Public Transportation Anxiety

Waiting for the L
Photo credit: sniggie on VisualHunt / CC BY-NC-SA

Part of what happens when I’m anxious about going somewhere is that I obsess about things that could go wrong. I can’t rid my mind of these thoughts. What if it’s crowded? What if there’s a delay? So I’ve learned to be prepared for the outing. My husband drives me everywhere because I can’t drive, so I don’t have to worry about taking public transportation to get where I’m going. However, it is one of the goals I’m working on in therapy.

Taking public transportation makes me anxious: the wait for the train or bus, wondering if they will be delayed which would then cause me to be late, wondering if it will be crowded. It’s a lot easier to ride the CTA (Chicago Transit Authority) going home because there are no time constraints or anything like that. It could still be crowded though.

When I regularly rode the CTA, I tried to make sure that when possible, I would travel at non-peak times, as in before or after rush hour. During rush hour the trains and buses get so crowded it’s like a pack of sardines (sorry for the cliché). But even before I’ve left my house, I’ve made sure there’s money on my fare card and I’ve checked a public transportation app to see what time the next bus/train will arrive.

When possible, do one or more dry runs of the route, days before the meeting. Take the train/bus to your destination. Bring a friend for support if you can, so you won’t have to do it alone. Practice.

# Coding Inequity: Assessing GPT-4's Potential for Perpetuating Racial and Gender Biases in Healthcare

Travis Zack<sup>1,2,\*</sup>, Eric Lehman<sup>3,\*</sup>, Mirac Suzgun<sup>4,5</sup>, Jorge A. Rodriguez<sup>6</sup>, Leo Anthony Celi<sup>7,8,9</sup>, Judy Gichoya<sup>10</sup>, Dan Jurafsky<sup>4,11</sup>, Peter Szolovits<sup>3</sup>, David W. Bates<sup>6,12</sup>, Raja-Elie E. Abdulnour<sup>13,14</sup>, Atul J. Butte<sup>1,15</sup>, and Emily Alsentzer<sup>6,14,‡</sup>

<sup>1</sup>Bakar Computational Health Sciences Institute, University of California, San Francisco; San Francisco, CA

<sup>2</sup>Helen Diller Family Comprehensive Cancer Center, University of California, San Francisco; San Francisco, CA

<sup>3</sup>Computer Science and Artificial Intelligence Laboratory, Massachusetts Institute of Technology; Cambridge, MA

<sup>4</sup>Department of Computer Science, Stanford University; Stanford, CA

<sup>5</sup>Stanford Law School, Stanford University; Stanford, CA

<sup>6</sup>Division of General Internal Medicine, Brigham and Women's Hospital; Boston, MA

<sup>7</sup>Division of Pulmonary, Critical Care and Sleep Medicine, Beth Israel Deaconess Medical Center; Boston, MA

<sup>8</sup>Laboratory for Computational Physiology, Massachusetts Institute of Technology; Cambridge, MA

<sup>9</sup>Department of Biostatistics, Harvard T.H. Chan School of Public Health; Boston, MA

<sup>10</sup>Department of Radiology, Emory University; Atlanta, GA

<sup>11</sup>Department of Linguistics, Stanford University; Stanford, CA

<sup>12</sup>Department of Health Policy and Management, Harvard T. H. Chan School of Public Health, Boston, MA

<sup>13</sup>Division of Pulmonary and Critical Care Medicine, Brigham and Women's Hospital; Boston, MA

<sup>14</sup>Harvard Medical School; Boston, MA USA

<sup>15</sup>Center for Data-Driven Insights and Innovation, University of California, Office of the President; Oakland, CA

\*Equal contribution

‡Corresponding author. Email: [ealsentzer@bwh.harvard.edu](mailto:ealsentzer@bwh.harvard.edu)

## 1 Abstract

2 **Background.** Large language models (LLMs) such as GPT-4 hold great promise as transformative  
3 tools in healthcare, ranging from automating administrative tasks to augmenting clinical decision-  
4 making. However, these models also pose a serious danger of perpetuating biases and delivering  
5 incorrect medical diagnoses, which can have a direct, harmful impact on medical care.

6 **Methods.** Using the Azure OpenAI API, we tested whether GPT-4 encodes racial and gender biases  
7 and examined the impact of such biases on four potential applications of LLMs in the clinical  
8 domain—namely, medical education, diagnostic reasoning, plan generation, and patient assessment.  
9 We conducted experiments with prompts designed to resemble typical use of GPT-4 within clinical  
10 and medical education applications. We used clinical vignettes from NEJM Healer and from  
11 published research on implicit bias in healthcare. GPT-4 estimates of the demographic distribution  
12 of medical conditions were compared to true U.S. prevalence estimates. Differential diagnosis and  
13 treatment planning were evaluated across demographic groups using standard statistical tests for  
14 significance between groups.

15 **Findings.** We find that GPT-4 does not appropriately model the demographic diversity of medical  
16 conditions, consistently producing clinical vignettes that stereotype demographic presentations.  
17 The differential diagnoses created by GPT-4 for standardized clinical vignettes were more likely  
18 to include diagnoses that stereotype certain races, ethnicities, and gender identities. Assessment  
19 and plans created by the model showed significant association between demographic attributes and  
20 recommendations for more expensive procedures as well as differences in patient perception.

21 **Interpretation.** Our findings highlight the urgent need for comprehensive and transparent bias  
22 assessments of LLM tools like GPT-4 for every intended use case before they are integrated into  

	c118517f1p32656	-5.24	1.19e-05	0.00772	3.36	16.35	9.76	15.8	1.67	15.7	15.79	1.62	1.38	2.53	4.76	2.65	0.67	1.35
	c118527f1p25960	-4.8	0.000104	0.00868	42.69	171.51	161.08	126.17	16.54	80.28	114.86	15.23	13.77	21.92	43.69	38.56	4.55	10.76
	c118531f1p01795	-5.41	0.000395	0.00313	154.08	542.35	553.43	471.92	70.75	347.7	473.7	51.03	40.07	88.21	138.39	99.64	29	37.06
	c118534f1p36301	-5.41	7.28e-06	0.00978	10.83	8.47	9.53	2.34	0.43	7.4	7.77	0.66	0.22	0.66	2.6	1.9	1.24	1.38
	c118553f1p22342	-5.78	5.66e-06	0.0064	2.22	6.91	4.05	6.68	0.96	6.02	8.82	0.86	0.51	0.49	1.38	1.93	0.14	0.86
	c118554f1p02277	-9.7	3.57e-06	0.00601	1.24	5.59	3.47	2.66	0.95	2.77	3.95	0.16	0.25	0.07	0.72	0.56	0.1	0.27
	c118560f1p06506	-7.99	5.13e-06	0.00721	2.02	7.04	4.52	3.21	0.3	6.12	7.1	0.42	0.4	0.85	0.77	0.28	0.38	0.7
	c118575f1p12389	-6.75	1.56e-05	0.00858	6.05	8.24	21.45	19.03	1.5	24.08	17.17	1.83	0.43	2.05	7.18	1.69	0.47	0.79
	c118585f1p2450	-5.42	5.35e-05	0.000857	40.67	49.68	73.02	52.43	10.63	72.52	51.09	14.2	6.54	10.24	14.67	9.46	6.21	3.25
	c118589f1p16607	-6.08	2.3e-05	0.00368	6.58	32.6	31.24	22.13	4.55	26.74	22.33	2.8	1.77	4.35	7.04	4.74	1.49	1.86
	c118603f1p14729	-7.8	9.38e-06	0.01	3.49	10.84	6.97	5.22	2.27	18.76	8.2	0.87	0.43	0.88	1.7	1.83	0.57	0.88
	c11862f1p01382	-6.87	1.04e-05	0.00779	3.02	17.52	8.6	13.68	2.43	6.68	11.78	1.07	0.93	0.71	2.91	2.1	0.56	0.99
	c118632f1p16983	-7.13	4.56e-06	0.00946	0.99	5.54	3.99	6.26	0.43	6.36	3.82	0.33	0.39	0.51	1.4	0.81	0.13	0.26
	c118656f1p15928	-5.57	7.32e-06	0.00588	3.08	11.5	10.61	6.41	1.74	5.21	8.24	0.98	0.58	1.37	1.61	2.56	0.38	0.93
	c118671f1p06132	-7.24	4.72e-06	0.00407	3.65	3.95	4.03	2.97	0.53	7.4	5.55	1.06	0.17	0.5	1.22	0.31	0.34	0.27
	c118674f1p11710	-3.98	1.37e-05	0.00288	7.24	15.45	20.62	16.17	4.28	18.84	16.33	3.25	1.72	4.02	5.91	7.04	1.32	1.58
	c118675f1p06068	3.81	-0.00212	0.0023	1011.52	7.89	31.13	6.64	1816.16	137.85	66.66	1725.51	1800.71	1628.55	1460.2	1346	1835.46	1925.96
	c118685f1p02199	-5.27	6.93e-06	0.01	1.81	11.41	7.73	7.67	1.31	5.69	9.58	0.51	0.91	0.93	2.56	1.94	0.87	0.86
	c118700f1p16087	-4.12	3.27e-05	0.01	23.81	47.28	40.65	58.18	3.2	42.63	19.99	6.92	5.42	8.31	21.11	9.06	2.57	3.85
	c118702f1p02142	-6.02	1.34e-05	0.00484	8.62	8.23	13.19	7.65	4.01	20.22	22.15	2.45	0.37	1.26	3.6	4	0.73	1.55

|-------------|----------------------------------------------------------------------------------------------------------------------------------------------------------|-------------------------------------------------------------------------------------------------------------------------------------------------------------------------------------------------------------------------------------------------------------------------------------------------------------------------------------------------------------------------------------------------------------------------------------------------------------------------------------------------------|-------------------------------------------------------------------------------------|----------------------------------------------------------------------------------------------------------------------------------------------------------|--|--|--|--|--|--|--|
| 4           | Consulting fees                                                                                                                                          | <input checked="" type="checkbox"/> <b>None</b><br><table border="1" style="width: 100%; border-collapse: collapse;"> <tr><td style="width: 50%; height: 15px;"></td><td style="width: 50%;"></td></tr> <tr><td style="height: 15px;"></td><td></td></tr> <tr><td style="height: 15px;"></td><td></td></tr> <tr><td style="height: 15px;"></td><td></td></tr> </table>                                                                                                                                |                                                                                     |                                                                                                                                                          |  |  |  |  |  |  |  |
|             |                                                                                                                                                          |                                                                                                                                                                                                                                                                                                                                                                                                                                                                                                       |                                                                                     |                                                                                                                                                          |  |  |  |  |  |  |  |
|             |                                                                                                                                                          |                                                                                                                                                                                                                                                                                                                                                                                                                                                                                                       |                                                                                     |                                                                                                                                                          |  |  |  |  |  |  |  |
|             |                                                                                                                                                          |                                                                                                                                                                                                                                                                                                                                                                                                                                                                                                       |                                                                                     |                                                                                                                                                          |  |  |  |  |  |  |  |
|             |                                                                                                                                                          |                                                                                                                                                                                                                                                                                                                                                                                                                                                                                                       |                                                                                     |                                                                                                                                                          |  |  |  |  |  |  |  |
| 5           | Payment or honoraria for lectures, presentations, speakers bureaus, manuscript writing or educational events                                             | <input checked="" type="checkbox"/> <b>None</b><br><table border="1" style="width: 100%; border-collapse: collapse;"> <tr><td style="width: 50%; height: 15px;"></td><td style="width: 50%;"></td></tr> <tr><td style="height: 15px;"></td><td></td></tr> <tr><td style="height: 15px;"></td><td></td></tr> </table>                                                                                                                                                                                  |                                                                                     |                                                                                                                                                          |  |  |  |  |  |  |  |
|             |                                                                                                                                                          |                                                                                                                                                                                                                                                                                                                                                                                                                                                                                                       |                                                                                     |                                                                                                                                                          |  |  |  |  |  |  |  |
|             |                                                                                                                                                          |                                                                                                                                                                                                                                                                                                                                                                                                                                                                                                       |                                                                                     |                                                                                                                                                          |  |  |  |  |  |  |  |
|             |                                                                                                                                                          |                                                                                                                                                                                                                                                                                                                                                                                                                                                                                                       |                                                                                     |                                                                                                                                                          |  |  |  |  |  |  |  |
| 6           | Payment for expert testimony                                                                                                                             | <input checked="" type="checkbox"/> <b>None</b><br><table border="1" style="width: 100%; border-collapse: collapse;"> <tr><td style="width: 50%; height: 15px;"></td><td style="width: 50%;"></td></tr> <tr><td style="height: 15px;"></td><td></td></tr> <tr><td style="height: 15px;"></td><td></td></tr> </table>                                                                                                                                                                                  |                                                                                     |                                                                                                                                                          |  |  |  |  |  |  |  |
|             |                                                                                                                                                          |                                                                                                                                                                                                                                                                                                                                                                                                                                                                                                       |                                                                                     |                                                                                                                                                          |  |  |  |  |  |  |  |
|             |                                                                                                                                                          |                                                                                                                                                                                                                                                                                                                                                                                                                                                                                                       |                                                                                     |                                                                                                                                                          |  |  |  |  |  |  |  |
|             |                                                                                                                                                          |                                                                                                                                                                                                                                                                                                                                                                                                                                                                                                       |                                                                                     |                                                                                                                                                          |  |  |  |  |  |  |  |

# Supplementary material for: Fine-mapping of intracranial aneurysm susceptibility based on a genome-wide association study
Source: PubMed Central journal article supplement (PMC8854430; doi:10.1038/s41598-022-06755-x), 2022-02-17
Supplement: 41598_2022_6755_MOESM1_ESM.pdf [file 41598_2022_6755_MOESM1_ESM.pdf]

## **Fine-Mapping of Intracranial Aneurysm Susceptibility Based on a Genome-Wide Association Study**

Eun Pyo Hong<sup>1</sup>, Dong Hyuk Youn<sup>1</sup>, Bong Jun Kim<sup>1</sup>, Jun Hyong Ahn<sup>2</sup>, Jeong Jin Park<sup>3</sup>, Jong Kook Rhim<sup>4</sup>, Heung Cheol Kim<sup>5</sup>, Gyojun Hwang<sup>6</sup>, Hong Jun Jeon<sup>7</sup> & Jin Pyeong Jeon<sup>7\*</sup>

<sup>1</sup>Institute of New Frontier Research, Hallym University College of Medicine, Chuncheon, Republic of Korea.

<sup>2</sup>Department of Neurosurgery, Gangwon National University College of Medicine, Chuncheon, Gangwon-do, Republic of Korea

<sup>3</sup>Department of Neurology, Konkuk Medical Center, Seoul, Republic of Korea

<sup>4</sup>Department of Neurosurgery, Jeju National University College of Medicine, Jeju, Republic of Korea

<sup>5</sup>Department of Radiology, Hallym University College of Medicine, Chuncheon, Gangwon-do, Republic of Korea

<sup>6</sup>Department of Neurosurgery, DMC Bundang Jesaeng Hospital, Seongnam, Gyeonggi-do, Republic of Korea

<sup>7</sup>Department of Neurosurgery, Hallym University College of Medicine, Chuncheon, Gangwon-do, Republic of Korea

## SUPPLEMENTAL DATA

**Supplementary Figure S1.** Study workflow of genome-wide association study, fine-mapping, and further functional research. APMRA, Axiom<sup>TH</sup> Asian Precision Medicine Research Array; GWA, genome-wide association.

On the day of the appointment, when I get to the train station, if there’s a line at the turnstile where people pay, I try to move swiftly. Before I even get to the station, I have my fare card in my hand, ready to pay my fare; no fumbling in my wallet. Yes, it could get stuck in the slot where you insert it, but that doesn’t seem likely. And if it does? What’s the worst that can happen? You’re late to your appointment through no fault of your own. And if the people you’re seeing aren’t understanding, you may want to rethink whether or not you want them in your life. Or is that too harsh lol?

These are the things I did when I took public transportation. Since I’ve been unable to leave my house by myself, I have yet to take my own advice.

How do you get around?

6 thoughts on “Public Transportation Anxiety

  1. I almost always drive. If I have to be somewhere at a certain time and I’m not sure how long it will take to get there, I find a coffeeshop near my destination and plan to get there 30-45 minutes early and have a coffee. Then if it takes longer than expected, I skip the coffee and go straight to the appointment. It helps that where I live there are Starbucks everywhere, so I don’t have to worry about going somewhere unfamiliar and not knowing what to get or how to order.

    1. That’s a really good strategy. There are plenty of Starbucks here, too. I’ll have to give it a try.

  2. I either get around when my roommate drives or she allows me to borrow her car.
    When I was homeless for that stint of two and a half years, I would have to rely on a service provided by the county, and they were constantly late, or never showed up at all. Plus it was always packed. I’m like you… I don’t like being tardy, and I am so fearful of crowds.
    The last time I took any form of mass-transit, It was over 10 years ago. I wasn’t a fan of that either… always feeling as if I was on guard and a nervous wreck.

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